average of 5.4 percent. Such payments accounted for 16.56 percent of all Medicare
    reimbursements for Doctor's San Pablo and 13.58 percent for Doctor's Pinole.

    (On December 31, the Wall Street Journal noted that Tenet's outliers make up
    nearly a quarter of the company's projected income this year and are up $412
    million over two years ago. The paper's editorial noted that "Tenet's earnings growth
    and rocketing share price were driven by outlier payments that were bound to end
    sooner or later, yet shareholders weren't let in on the secret).

    * Set drug prices that were more than triple the national average - $44.8 million per
    Tenet hospital compared to a national average of $13.7 million for all U.S.
    hospitals. Tenet accounts for 6 percent of $76.2 million in drug revenues nationally,
    even though the company holds only 2 percent of U.S. hospitals. The charges are
    for billings to all payers, including Medicare and private HMOs, and include both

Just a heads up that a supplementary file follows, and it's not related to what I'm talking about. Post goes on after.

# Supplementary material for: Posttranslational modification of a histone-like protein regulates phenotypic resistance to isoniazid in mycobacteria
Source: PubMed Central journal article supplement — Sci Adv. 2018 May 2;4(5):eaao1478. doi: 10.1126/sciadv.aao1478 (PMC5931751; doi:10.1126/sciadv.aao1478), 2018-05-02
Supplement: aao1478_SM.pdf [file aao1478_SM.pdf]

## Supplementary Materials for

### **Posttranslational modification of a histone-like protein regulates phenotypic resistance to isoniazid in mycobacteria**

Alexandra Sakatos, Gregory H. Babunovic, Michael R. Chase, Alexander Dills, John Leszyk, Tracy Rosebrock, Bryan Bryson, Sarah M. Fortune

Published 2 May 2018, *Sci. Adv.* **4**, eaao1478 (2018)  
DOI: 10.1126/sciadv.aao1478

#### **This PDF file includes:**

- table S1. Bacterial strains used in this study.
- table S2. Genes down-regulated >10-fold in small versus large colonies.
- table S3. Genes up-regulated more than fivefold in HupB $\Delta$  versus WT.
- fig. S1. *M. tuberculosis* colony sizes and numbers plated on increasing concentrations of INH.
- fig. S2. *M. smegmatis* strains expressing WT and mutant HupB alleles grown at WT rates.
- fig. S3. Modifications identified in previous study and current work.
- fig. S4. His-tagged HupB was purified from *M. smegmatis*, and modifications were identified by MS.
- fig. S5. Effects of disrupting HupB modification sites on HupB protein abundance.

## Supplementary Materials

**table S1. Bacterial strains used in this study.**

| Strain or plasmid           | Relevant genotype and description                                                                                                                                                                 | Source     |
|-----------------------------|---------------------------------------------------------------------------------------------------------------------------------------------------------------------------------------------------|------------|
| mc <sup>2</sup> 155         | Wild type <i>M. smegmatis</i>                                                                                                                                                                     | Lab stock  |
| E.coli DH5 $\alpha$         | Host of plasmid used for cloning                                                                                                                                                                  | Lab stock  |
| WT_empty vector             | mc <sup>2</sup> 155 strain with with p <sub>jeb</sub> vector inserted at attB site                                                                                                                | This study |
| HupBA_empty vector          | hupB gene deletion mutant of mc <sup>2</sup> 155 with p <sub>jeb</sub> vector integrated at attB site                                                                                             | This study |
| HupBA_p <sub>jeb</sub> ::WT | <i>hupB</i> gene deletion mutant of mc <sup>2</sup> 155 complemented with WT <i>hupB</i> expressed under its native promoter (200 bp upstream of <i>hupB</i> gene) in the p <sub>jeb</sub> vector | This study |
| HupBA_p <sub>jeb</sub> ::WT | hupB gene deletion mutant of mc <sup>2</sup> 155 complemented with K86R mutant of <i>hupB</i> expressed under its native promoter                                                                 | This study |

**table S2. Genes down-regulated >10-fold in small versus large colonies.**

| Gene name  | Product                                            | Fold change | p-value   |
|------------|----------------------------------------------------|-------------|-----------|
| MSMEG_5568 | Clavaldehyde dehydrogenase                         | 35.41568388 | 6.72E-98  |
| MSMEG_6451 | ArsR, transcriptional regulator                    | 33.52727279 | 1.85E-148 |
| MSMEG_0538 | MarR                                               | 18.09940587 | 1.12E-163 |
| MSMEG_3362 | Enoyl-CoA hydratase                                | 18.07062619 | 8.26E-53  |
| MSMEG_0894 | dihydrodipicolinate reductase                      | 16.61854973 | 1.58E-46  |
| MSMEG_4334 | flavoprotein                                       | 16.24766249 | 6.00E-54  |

in-patient and outpatient charges. Tenet's sticker price on drug charges is 736
    percent above its costs across the U.S. - and 1,037 percent above costs in
    California. California hospitals accounted for seven of the top 10 Tenet hospitals in
    drug charges that have nearly doubled over the past four years.

    * Assessed charges to employers on workers compensation claims for employees
    needing hospitalization in California at double the charge rate of other California
    hospital systems. Tenet's median bill per hospital patient discharge was just under
    $34,000 compared to a statewide median for all non-Tenet hospitals of about
    $17,000. In individual counties Tenet's workers compensation charges far
    surpassed other hospitals. The highest charges have been in Stanislaus County,
    home of Tenet's Doctor's Medical Center of Modesto, and Shasta County, home of
    Redding Medical Center. In both places, Tenet tripled the median for non-Tenet
    hospitals.

    "There is an enormous human toll from the outrageous markup on drugs by Tenet and
    other hospital chains," said CNA President Kay McVay, RN. "It drives up health care
    costs forcing seniors to choose between life saving medications and other basic needs,
    encourages insurers to cut other patient services, and prompts employers to reduce or
    eliminate health benefits."